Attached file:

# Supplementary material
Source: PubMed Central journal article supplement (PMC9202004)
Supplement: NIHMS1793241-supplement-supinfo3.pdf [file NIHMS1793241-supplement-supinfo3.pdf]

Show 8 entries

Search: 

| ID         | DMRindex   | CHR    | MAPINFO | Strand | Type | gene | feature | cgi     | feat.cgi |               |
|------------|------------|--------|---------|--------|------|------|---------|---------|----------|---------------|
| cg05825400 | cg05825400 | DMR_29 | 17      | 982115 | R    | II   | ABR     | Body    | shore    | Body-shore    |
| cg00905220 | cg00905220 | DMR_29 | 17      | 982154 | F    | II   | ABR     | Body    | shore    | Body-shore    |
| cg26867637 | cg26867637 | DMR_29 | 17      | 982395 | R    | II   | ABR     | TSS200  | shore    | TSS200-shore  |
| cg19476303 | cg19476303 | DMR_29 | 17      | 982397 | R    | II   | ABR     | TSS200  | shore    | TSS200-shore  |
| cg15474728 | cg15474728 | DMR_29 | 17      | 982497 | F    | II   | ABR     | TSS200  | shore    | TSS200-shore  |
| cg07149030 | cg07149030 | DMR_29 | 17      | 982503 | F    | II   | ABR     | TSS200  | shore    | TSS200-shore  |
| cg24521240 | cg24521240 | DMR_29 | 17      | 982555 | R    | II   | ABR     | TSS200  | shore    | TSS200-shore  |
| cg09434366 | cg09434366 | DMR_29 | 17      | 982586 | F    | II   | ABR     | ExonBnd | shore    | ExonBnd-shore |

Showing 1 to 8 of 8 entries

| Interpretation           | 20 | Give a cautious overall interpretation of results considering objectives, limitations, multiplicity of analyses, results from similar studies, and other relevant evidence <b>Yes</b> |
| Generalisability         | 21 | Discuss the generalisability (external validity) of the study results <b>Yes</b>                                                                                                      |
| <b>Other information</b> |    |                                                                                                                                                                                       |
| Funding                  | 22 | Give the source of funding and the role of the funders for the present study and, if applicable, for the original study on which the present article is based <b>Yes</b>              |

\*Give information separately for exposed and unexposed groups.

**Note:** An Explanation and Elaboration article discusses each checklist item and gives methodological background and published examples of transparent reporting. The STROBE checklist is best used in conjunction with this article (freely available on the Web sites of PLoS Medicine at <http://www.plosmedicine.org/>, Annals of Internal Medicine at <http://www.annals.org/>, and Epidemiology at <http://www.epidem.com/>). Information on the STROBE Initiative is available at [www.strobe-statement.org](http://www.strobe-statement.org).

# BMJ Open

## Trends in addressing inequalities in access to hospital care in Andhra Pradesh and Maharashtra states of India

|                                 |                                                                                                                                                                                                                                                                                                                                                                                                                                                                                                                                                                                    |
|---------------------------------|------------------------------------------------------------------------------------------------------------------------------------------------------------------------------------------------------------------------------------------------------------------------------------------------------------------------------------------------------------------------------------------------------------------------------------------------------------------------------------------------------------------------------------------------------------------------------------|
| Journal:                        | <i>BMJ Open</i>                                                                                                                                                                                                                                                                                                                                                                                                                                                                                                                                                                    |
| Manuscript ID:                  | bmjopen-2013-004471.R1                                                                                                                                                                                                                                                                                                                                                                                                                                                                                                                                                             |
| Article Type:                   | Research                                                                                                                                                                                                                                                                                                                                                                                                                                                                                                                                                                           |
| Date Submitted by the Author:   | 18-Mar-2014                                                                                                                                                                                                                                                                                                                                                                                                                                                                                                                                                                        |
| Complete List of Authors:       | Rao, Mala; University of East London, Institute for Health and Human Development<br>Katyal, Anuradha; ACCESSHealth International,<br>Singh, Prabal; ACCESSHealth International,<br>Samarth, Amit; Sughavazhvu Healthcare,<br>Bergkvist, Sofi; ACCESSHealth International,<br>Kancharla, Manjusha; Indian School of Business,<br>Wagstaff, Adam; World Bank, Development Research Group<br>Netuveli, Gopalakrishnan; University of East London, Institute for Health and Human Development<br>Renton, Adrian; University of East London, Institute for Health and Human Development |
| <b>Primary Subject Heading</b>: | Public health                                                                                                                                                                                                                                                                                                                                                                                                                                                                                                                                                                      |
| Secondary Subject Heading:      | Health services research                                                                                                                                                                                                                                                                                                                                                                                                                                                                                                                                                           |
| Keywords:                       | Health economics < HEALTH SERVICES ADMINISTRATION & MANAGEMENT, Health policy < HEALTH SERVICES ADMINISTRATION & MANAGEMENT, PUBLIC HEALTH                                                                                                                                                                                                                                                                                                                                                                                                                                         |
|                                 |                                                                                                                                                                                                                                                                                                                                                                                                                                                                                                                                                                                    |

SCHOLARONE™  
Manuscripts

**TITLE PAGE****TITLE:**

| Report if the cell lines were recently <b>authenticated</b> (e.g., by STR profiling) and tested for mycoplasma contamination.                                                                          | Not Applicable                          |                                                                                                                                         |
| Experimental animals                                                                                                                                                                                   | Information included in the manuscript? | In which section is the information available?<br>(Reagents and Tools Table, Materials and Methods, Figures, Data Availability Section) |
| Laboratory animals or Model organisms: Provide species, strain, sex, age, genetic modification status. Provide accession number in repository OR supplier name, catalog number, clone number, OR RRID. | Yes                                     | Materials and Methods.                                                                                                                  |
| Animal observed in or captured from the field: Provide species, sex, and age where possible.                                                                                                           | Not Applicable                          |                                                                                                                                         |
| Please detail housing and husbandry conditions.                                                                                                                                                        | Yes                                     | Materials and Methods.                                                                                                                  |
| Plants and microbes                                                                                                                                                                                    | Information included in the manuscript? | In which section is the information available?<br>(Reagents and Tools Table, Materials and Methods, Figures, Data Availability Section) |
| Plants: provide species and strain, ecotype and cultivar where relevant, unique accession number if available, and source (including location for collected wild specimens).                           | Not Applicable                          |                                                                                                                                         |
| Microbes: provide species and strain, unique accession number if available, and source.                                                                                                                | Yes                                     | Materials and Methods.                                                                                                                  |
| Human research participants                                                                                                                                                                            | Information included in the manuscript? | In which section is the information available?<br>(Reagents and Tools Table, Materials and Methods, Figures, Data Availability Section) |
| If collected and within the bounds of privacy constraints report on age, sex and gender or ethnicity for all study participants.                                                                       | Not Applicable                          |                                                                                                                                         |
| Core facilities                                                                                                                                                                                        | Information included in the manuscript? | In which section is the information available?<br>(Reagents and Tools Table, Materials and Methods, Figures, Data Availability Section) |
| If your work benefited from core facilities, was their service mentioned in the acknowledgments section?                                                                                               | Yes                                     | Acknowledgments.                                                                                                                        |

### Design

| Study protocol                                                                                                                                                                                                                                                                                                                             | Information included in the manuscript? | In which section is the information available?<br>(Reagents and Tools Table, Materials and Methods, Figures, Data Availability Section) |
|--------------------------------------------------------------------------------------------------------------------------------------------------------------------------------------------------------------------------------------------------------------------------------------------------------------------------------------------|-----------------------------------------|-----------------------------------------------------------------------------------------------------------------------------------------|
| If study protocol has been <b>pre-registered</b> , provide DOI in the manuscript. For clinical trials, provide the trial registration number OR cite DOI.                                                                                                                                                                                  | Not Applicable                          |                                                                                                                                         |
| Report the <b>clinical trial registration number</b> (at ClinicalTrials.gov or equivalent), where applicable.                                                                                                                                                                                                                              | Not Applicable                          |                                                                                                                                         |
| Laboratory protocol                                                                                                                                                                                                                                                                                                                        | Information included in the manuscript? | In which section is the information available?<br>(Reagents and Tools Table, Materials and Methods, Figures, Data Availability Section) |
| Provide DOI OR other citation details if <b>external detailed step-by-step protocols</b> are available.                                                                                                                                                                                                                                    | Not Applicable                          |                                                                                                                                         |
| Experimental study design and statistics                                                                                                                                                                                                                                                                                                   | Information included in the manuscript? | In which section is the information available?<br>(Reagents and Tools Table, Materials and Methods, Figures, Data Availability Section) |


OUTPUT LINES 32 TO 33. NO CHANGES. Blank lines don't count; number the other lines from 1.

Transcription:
| <b>Primary Subject Heading</b>: | Public health                                                                                                                                                                                                                                                                                                                                                                                                                                                                                                                                                                      |
| Secondary Subject Heading:      | Health services research                                                                                                                                                                                                                                                                                                                                                                                                                                                                                                                                                           |